In the afternoon we ventured a little further afield, taking a bus to the nearby island of Trogir. We had a particularly good guide, who had a great sense of humour and filled us in on the medieval churches and other buildings of this old city. He told us to call him Harry, because his name was quite unpronounceable (by non-Croatians), and is able to trace his ancestry back to the 15th century in Trogir. We had a tour, and then about an hour to stroll on our own, which was very pleasant. The most interesting place we visited was the Cathedral of St Lawrence (built between the 13th & 17th centuries). The portal to the cathedral was covered in fantastic carvings with all sorts of symbolism, from ottoman Turks cowing under the weight of the building, to humbled lions (the symbol of Venice) to camel and elephants and even mermaids.  As well as tiny cobbled streets and old churches with fascinating stone decoration, Trogir is a popular place for the very rich to park their yachts – we saw a number of seriously shiny, large and clearly very expensive boats.

This evening we received a note saying we had been in the wrong tour group all this time. We are grouped by colours, and there’s a sticker on our security card. Our group is red, but the sticker sure looks orange to me!! As we are in ‘Balcony’ class, the red group’s privilege is that they are always the first group to disembark, and therefore less likely to encounter other groups on the tours. I have to admit I have found some of the tours a little frustrating, just because of the number of people, making it hard to take photos or easily see sometimes. It remains to be seen whether being red makes a difference!

Welcome to Croatia

Posted: June 16, 2013 in Croatia, Europe

Zadar, Croatia, 15 June, 2013

We spent the morning cruising past the Kornati Islands of Croatia. Croatia has 1446 islands, of which 55 are inhabited (or so we were told – actually every day we get told a different number! But there are a lot of islands. And some of them are inhabited.) It was pretty sailing amongst the islands, and the water was particularly still.  In the early afternoon we arrived in Zadar, a coastal town in the norther part of the Dalmatian coast. It is a pretty little town which was extensively bombed during WW2 – they call it the “Dresden of Croatia”. Zadar dates back to Roman times, and there is a large Roman forum, of which very little is left apart from a few bits of marble. There are some interesting Romanesque churches, and a fascinating museum displaying sacred art from the middle ages.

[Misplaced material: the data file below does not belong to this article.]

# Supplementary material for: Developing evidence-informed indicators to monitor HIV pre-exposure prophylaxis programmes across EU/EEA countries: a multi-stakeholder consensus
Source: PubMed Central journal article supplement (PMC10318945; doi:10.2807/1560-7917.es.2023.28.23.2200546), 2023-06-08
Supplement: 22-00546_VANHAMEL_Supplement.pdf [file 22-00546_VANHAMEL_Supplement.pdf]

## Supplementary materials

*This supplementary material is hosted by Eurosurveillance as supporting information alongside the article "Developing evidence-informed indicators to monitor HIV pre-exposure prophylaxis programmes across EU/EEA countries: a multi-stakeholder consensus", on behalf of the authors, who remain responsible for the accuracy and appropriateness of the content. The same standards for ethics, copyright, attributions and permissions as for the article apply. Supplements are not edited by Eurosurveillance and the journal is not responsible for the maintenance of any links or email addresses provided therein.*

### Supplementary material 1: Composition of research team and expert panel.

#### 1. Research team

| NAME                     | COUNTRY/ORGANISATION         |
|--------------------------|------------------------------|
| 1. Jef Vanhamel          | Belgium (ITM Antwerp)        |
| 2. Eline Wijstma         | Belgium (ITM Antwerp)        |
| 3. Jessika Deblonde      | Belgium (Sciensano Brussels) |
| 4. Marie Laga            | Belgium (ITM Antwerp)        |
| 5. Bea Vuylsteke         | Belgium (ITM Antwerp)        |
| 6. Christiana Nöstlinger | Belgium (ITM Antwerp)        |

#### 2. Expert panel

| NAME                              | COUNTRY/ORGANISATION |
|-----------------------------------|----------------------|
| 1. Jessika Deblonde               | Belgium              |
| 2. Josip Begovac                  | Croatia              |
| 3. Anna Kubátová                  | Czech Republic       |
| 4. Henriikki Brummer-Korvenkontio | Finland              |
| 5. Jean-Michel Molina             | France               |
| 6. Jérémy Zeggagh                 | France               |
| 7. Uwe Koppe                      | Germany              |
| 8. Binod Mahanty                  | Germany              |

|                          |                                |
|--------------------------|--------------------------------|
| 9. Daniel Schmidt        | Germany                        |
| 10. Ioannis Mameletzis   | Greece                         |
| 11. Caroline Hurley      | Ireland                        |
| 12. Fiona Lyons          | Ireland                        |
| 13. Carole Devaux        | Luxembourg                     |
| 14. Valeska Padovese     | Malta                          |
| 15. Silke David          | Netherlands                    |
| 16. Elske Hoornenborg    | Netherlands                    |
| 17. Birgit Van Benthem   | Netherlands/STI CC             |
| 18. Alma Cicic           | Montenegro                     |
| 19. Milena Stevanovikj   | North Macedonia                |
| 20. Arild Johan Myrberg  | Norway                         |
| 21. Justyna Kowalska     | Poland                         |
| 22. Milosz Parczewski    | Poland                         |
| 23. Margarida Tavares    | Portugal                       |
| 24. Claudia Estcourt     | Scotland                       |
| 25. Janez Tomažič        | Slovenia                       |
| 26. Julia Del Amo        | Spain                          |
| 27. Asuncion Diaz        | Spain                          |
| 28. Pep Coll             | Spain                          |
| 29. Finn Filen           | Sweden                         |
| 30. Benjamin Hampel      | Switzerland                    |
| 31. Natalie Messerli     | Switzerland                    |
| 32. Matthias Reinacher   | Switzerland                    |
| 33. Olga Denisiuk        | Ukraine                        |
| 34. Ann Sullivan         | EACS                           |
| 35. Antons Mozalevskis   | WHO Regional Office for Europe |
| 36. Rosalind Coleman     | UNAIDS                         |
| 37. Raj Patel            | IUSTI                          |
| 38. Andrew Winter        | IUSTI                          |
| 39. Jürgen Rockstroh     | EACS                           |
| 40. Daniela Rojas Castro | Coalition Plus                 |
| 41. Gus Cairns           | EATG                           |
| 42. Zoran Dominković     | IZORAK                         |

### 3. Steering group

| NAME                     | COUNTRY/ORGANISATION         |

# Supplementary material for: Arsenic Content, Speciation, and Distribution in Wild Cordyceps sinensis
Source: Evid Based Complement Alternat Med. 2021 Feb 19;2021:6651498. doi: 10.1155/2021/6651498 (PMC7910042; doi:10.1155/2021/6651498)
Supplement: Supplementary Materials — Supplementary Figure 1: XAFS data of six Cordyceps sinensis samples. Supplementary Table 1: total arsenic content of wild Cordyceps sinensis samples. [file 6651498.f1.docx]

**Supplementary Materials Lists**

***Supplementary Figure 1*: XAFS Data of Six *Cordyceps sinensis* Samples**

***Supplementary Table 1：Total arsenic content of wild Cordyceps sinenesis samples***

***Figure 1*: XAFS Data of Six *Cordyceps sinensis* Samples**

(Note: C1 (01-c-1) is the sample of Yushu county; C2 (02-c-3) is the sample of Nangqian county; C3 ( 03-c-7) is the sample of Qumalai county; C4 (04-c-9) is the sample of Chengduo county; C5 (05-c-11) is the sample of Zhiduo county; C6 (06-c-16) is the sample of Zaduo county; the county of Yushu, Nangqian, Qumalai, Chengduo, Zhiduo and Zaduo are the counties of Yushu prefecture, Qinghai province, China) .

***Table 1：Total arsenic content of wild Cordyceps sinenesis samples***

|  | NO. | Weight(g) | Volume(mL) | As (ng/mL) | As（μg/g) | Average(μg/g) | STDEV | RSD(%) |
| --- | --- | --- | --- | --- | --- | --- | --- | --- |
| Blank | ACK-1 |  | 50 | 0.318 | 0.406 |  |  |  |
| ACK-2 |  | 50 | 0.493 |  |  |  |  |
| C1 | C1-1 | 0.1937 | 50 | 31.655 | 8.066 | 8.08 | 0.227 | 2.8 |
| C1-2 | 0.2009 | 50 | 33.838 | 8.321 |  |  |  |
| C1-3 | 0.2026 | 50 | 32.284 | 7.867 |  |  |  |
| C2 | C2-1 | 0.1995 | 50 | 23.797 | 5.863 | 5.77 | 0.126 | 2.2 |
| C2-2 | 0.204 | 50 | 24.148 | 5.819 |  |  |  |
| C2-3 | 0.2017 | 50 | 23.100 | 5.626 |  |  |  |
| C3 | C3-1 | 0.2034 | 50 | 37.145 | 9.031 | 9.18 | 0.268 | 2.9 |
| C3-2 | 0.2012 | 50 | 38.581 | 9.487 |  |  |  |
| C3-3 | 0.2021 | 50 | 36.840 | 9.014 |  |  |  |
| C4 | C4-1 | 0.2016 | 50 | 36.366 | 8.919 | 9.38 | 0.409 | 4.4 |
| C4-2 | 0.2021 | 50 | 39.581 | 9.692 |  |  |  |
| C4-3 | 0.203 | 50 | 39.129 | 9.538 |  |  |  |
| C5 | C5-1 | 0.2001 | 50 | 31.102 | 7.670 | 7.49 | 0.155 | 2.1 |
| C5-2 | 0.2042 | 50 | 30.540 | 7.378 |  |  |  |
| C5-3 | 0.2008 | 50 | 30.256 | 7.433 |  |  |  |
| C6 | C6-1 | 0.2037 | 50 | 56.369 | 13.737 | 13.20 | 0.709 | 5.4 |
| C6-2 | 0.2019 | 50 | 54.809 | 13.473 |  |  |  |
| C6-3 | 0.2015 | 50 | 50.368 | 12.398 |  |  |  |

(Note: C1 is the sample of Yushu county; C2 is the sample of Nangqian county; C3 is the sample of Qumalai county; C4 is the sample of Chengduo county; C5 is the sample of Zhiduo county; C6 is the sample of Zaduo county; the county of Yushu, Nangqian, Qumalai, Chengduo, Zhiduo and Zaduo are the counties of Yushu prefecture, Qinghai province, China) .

The first thing you notice when arriving in Zadar by sea is a large blue circle on the ground. It is a huge solar panel which is a monument to the sun. There are several smaller circles which represent the planets as well. At night, we were told, it lights up beautifully, as well as providing power to the entire waterfront. Unfortunately we didn’t stay long enough to see that.

Zadar boasts the only sea organ in the world. It is a series of steps of different lengths, connected by underwater pipes. As the water hits the steps, it created a haunting musical sound through the pipes. Unusual and very interesting. It is obviously also a popular swimming spot.

Alfred Hitchcock visited Zadar and famously is said to have claimed that Zadar has the best sunsets in the world. As we sailed away from Zadar it seemed that someone was trying to prove his point, as the sunset was quite magnificent! As of that wasn’t enough, we were treated to the sight of a pod of dolphins swimming alongside the ship for some distance.